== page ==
More than 200 million years ago, a mammal weighing more than a modern-day ambulance and measuring some 4.5 meters long (15 feet) and 2.6 meters tall (8.5 feet) once roamed the Earth. Lisowicia bojani walked like the hippos or rhinos of today and, despite their gargantuan size, survived off of plants during the Triassic Period.
Previously, paleontologists thought these massive creatures "retreated to the shadows while dinosaurs rose up and grew to huge sizes," study author Grzegorz Niedzwiedzki told IFLScience. They were believed to be scuttling along the ground in places like Africa, Asia, and North and South America. However, a new discovery of the most complete fossilized specimen discovered in Europe overturns this “established picture” of life at this time.
"We think it's one of the most unexpected fossil discoveries from Triassic of Europe. Who would have ever thought that there is a fossil record of such giant, elephant-sized mammal cousins in this part of the world," said Niedzwiedzki.
“Until now, gigantisms in the Triassic appeared to be entirely a dinosaur adaptation, and previously known Triassic dicynodonts were substantially smaller,” wrote the authors in Science. “The discovery of Lisowicia suggests that general ecological factors may have been the driving process rather than clade-specific attributes of the dinosaurs.”
The researchers believe that Lisowicia became specialized herbivores that adapted to the needs of their environment. For starters, several features in their limbs (such as a “massive scapula”) suggest they were postural animals, roaming upright on four legs to harvest food. Nearly the size of an elephant and weighing an estimated 9,000 kilograms (10 tons), the researchers say this increase in body size could also have been driven by a need to protect itself against large predators or as a way to maximize food retention and energy gain.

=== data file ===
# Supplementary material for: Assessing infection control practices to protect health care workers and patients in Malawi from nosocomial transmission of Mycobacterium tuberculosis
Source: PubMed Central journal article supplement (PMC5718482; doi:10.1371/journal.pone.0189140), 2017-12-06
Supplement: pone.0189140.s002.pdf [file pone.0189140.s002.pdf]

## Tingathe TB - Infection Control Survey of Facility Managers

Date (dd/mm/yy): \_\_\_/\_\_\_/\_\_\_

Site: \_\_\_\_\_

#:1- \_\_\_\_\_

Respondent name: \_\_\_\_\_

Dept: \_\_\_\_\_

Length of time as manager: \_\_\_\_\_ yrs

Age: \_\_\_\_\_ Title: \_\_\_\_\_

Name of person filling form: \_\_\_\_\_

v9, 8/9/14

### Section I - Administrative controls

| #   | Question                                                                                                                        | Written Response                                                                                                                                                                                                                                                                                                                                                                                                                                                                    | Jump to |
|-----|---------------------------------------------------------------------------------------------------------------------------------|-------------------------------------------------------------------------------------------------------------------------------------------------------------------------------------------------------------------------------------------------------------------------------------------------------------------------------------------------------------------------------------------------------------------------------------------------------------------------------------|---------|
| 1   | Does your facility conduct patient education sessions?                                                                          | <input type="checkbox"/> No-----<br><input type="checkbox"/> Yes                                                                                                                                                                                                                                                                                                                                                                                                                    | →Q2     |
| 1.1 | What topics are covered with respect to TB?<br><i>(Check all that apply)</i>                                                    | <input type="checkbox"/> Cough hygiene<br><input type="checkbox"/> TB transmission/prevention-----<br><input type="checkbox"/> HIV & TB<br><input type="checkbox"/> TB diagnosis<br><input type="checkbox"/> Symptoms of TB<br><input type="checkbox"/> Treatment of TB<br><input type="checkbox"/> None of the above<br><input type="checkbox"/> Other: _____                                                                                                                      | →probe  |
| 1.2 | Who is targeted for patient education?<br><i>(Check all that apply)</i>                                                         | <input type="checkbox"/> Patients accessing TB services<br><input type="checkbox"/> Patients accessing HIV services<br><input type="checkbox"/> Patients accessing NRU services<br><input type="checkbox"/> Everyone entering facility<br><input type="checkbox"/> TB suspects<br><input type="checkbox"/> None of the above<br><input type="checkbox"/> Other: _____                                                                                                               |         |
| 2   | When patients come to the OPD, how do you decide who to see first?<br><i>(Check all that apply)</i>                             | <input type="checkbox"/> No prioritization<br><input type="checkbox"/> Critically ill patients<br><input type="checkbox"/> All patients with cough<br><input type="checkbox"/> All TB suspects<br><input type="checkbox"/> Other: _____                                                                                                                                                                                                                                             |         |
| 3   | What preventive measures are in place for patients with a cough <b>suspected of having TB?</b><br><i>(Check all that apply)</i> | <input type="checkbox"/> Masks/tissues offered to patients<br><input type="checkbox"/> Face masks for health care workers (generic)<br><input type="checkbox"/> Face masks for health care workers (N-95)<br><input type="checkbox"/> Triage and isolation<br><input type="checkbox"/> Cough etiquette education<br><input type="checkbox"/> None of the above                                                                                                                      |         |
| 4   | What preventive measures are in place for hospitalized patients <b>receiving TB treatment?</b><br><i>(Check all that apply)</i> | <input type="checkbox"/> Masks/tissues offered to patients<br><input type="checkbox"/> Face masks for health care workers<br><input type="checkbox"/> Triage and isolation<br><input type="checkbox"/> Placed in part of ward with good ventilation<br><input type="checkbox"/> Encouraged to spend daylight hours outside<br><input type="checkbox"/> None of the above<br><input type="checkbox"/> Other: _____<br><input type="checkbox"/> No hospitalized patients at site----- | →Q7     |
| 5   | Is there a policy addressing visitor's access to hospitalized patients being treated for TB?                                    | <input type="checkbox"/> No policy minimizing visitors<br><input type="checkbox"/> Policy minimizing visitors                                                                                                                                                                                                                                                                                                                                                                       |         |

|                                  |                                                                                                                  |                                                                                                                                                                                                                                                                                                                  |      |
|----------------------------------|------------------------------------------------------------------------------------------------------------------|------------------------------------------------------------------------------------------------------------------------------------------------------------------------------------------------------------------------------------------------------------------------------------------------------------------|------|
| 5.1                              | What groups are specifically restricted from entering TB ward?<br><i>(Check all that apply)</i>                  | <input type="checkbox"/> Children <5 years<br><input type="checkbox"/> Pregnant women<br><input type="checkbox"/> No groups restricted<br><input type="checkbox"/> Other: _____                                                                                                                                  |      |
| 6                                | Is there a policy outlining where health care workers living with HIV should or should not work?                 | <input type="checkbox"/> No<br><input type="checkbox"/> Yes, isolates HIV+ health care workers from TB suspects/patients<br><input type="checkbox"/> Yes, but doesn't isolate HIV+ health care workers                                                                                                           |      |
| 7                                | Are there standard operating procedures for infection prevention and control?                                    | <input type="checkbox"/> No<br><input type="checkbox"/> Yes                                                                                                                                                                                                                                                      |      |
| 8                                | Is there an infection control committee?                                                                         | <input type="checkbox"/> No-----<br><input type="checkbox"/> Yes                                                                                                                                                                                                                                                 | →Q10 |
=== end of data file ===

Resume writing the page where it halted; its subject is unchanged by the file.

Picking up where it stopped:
"Basically, the anatomy of Lisowicia does not diverge so far from the other dicynodonts but it shows some unique anatomical features (e.g. anatomy of forelimbs, cervical vertebra, sternum) unknown in other dicynodonts. Lisowicia is the youngest (geologically) and largest member of the dicynodont-line," said Niedzwiedzki, adding Lisowicia are mammalian relatives of the family dicynodonts, a group of synapsids that includes mammals and their ancestors.
But this evolution didn’t happen overnight. The team believes it took around 20 million years for Lisowicia to come into their giant forms at a gradual size increase similar in pace to dinosaurs and later mammalian lineages.
As the authors note, the research suggests the history of these giant animals is probably more “poorly documented” than previously believed and that the excavation in Europe calls into question certain beliefs about the animal and their geographic range, opening the potential for new research and a greater understanding of these gigantic animals and the world they once lived in.